The Infiniti G was a 4-door sports car

2003 Infiniti G Saloon

2003 Infiniti G Saloon
Picture: Infiniti

There was a time when the Nissan Maxima could have been considered, dare I say it, cool. But then came its cooler cousin, the Infiniti G35, Japan’s attempt to take on the BMW 3 Series in the sports sedan war of the 2000s. And it managed to do the sports sedan better than its aforementioned cousin.

While Nissan was on a mission to make a four-door sports car and embodied it to a certain extent, it has strayed a bit like a student forced to major in pre-med, but they really just want to go there. ‘art school .

Around this time, Infiniti took over, creating the true embodiment of the four-door sports car: all the usability and convenience of a sedan with the driving dynamics of a sports car, rear-wheel drive, a manual transmission (less optional) and excellent driving dynamics.

Image of article titled The Infiniti G Was A Better Four-Door Sports Car

First, you need to take a look at how and when the Maxima lost its four-door sports car mojo. From the start, Nissan had the right idea. Take a manual transmission and an engine used in a sports car and drop them in a sedan. This is exactly what Nissan did with the second generation Maxima. Produced from ’85 to ’89, it used the same 3.0 liters VG30E V6 engine used in the 300ZX. Both cars even had the same 160 horsepower rating, mated to a five-speed manual transmission and adjustable suspension completing the overall sports car. From there, Nissan fulfilled the fate of the Maxima and labeled it ‘sporty’ towards the end of the second generation.

Image of article titled The Infiniti G Was A Better Four-Door Sports Car

The nickname “4DSC” continued from the third to the sixth generation of the car. As long as buyers chose the SE trim, they were equipped with a more powerful V6, manual transmission, and adjustable sport suspension.

The 6th generation Maxima presented here did the model justice.  The SE versions have a 6-speed manual transmission, a 255-horsepower V6, and a limited-slip differential shared with the R34 Skyline GT-R.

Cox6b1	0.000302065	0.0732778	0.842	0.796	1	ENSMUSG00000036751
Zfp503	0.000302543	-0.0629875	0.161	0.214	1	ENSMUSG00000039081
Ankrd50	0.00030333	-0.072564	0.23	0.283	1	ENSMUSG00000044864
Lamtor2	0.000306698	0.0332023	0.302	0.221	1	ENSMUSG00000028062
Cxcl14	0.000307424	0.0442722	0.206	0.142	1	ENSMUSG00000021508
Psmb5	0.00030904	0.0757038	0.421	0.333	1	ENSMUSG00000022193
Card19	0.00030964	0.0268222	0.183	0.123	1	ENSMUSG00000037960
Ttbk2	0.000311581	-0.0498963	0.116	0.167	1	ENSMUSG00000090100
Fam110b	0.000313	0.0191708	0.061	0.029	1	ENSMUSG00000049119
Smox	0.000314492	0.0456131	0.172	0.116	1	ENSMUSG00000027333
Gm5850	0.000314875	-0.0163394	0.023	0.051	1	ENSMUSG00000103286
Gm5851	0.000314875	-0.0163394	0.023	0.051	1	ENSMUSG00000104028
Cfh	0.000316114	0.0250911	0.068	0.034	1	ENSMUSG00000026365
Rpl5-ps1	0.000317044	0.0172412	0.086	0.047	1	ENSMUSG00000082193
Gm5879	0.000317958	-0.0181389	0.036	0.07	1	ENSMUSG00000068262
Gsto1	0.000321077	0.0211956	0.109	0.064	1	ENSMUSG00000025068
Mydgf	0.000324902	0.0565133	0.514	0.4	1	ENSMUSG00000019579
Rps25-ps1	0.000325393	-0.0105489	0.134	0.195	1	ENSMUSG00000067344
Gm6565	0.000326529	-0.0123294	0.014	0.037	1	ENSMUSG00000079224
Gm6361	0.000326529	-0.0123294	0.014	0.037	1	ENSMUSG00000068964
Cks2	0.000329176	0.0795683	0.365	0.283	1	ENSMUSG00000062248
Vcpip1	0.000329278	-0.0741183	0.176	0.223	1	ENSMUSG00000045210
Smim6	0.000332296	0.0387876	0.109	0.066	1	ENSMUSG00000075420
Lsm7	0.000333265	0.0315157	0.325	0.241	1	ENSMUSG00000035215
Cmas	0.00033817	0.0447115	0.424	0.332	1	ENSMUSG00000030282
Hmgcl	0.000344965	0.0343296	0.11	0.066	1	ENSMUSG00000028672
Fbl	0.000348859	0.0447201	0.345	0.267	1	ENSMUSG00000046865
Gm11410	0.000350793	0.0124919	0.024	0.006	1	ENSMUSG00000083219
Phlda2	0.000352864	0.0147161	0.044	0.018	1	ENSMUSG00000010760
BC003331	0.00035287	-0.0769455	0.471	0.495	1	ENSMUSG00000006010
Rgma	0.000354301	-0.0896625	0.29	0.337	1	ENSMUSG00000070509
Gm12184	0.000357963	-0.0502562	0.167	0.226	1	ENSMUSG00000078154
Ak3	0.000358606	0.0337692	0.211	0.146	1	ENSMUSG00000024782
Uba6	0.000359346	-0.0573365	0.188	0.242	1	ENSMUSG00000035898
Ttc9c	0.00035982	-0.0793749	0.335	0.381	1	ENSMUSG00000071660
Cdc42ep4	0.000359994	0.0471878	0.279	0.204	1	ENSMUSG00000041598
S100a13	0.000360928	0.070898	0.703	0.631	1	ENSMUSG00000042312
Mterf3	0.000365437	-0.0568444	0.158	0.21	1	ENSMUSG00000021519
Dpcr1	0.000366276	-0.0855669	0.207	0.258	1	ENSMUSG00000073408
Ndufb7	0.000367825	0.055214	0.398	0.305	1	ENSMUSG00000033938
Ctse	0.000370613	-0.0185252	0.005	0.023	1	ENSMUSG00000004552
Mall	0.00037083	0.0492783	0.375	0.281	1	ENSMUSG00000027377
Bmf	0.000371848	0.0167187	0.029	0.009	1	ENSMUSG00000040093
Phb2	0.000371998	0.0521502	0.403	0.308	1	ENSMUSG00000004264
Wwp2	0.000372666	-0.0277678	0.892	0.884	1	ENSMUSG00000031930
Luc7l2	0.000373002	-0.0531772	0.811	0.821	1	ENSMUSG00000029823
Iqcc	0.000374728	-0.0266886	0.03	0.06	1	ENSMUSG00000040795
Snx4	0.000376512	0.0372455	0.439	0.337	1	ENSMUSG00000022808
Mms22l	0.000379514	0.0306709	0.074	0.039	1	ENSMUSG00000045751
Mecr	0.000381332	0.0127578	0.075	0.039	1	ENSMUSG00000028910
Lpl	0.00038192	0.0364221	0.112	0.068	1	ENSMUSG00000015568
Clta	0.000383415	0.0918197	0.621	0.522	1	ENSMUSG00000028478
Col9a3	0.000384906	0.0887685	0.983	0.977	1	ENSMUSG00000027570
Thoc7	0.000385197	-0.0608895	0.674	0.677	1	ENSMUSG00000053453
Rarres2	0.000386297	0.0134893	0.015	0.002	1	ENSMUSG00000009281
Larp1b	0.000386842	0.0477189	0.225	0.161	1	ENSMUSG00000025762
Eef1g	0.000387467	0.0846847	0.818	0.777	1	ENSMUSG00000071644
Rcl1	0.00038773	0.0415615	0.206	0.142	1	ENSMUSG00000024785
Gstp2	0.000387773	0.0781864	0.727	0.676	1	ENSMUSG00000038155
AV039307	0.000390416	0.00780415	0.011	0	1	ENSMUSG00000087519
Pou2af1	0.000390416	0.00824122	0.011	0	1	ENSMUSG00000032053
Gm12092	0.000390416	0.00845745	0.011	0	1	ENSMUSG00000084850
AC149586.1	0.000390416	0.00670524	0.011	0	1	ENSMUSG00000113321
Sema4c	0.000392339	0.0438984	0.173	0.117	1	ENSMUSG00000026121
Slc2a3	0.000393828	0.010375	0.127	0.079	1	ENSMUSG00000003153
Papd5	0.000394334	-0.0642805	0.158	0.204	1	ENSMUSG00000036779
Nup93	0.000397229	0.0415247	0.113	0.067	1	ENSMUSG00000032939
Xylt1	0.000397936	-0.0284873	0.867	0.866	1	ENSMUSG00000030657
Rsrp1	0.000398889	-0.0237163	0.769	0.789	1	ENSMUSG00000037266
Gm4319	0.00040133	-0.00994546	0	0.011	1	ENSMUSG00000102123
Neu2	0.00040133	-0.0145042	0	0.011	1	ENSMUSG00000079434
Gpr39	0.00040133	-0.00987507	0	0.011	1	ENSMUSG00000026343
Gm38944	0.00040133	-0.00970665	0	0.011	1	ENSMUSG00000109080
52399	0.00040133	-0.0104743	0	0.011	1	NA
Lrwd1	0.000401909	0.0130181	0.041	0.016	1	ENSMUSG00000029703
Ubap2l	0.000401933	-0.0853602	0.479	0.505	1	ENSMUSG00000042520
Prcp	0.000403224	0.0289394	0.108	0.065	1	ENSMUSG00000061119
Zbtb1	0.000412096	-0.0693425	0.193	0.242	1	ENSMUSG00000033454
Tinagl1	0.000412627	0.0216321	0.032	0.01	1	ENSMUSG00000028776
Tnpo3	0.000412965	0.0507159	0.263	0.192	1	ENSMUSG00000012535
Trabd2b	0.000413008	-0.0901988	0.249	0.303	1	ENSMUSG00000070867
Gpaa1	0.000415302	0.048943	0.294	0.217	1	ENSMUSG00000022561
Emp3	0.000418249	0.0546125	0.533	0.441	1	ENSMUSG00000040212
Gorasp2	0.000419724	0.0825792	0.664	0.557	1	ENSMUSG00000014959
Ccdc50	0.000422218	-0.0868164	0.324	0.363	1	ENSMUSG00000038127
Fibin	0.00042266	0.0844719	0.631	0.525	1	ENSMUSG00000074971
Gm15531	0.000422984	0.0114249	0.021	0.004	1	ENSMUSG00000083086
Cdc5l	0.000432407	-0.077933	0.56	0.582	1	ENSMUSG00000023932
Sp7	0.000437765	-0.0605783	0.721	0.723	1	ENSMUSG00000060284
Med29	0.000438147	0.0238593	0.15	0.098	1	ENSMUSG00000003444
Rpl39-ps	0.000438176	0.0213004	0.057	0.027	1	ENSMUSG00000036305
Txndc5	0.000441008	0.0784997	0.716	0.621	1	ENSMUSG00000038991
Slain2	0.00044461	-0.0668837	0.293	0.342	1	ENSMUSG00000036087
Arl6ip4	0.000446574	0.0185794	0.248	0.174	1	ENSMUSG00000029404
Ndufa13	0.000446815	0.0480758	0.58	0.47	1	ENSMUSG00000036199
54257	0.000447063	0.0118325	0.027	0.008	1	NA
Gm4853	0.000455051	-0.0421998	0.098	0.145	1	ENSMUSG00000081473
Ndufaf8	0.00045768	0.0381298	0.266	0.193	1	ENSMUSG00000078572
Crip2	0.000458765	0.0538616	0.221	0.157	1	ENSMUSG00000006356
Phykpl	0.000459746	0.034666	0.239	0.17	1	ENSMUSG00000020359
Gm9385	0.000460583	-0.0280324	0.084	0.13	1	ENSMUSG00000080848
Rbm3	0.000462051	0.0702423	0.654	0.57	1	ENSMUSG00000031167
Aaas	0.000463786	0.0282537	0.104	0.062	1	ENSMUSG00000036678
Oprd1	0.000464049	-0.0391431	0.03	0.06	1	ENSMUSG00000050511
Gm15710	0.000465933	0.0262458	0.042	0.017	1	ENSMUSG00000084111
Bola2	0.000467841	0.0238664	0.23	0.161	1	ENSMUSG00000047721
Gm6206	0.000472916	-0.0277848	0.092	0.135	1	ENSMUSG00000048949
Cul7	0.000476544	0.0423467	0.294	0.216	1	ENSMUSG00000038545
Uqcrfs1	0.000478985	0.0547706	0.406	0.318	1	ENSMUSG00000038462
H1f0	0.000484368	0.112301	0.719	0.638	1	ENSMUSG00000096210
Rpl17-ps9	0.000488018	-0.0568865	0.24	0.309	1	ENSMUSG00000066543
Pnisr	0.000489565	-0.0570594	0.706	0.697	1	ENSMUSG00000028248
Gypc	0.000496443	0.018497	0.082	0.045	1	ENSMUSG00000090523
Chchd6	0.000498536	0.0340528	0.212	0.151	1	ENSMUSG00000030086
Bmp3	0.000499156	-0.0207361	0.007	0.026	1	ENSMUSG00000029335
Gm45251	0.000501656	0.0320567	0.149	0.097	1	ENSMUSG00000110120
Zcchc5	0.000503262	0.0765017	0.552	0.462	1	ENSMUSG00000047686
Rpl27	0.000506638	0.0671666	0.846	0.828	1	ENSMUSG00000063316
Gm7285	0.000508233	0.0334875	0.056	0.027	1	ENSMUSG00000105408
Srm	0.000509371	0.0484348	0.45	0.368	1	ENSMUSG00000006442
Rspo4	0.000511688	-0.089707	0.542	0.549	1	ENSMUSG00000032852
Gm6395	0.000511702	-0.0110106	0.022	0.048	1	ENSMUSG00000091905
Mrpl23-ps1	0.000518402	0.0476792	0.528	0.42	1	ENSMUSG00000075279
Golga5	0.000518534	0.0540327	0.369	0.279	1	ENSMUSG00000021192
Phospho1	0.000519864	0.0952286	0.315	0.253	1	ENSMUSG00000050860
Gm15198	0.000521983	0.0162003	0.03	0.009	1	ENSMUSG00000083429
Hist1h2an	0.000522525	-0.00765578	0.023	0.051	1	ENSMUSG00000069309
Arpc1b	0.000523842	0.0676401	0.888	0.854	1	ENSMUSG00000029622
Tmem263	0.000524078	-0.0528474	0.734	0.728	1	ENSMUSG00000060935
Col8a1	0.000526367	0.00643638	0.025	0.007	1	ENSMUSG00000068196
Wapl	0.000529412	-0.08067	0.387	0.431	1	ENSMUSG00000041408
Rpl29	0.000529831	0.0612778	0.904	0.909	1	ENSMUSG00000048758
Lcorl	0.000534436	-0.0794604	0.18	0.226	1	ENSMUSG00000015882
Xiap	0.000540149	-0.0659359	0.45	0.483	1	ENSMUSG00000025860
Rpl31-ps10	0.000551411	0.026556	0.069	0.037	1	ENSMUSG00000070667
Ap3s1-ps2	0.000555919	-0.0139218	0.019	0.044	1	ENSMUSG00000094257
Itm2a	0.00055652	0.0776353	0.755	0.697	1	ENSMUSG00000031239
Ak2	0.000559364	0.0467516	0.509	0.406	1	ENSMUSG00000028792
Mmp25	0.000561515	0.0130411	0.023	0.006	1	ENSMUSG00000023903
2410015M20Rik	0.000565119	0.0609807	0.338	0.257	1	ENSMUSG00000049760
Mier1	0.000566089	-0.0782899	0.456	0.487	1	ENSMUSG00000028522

The 6th generation Maxima presented here did the model justice. The SE versions have a 6-speed manual transmission, a 255-horsepower V6, and a limited-slip differential shared with the R34 Skyline GT-R.
Picture: Nissan

The sixth-generation Maxima, produced from 1999 to 2002, however, really did the 4DSC sticker justice. SE versions have a 255 hp version of Nissan’s VQ35DE V6, a six-speed manual transmission and a Nissan variable exhaust system said was derived from the R34 Skyline GT-R

Over the years the Maxima lost its 4DSC window sticker and the car leaned towards the more family-friendly sedan / luxury side. Even though there was still an SE trim, it was more of an appearance package than anything else, even with more powerful engine options.

In the mid-2000s, the Maxima was in its seventh generation. It had become swollen to the point of being mentioned in the same breath as the Toyota Avalon and the Chevy Impala. Nissan spoiled it again with the new generation CVT transmission.

That’s when Infiniti engineers stepped it up and took off where the Nissan Maxima left off.

2003 Infiniti G35 Sedan

2003 Infiniti G35 Sedan
Picture: Infiniti

Infiniti took a platform that was used for a sports car and made it into a sedan. Simple. It’s strange that Nissan hasn’t done this from the start. Nissan’s FM platform was ideal for a sports sedan because of its favorable weight distribution. FM stood for mid-forward, which meant the engine was pulled back towards the firewall. The 350Z recently introduced at the time had an almost perfect 50/50 weight distribution because of this. When the G Coupe and Sedan debuted, they reflected that. The coupe had the same 53/47 weight distribution as Coupe Z. A feat considering the fact that the G had a back seat; the sedan was 52/48.

Image of article titled The Infiniti G Was A Better Four-Door Sports Car

Picture: Infiniti

Add an available six-speed manual and a 3.5-liter V6 shared with the 350Z and you could call it a Z with a backseat. Or a four-door sports car. Infiniti even did it right by inserting Brembo brakes when you picked it up with a manual. Automotive journalists fell in love with it. Motor trend named the G its Car of the Year 2003; Car & Driver put it on their Top ten lists for 2003 and 2004 and she was nominated for North American Car of the Year (although she lost to the Mini Cooper).

Over the years the Maxima has gotten even bigger and smoother, like many of us in this pandemic, while the G has gained a second generation of kick-ass.

2009 Infiniti G37

2009 Infiniti G37
Picture: Infiniti

The G added a new 3.7-liter V6 shared with the 370Z in the late 2010s, compared to the Maxima’s 3.5-liter V6 and CVT. Oddly, Nissan brought back the 4DSC sticker for the ninth generation.

Infiniti also expanded the G lineup. Briefly, there was a model G25 with a 2.5-liter V6 and a short-lived IPL performance model (unfortunately only available on the G Coupe) in 2011 which just passed.

2011 Infiniti G IPL Coupe

2011 Infiniti G IPL Coupe
Picture: Infiniti

With the G now gone and replaced by the slightly better Q50 / Q60 (Red Sport versions are good, I still wish we got the Red water), the Maxima still bears the 4DSC sticker. And while that looks like a bit and the engine has 300 HP, it’s nowhere near what a sports car should be.

I contacted Nissan to ask if the G cars had ever been considered as a replacement for the Maxima, but I have yet to receive a response. However, if that had happened, a true four-door sports car from the brand that makes the Z would have been perfect. But at least we can look back fondly on the G and see that some engineers at Infiniti had the right idea.


Source link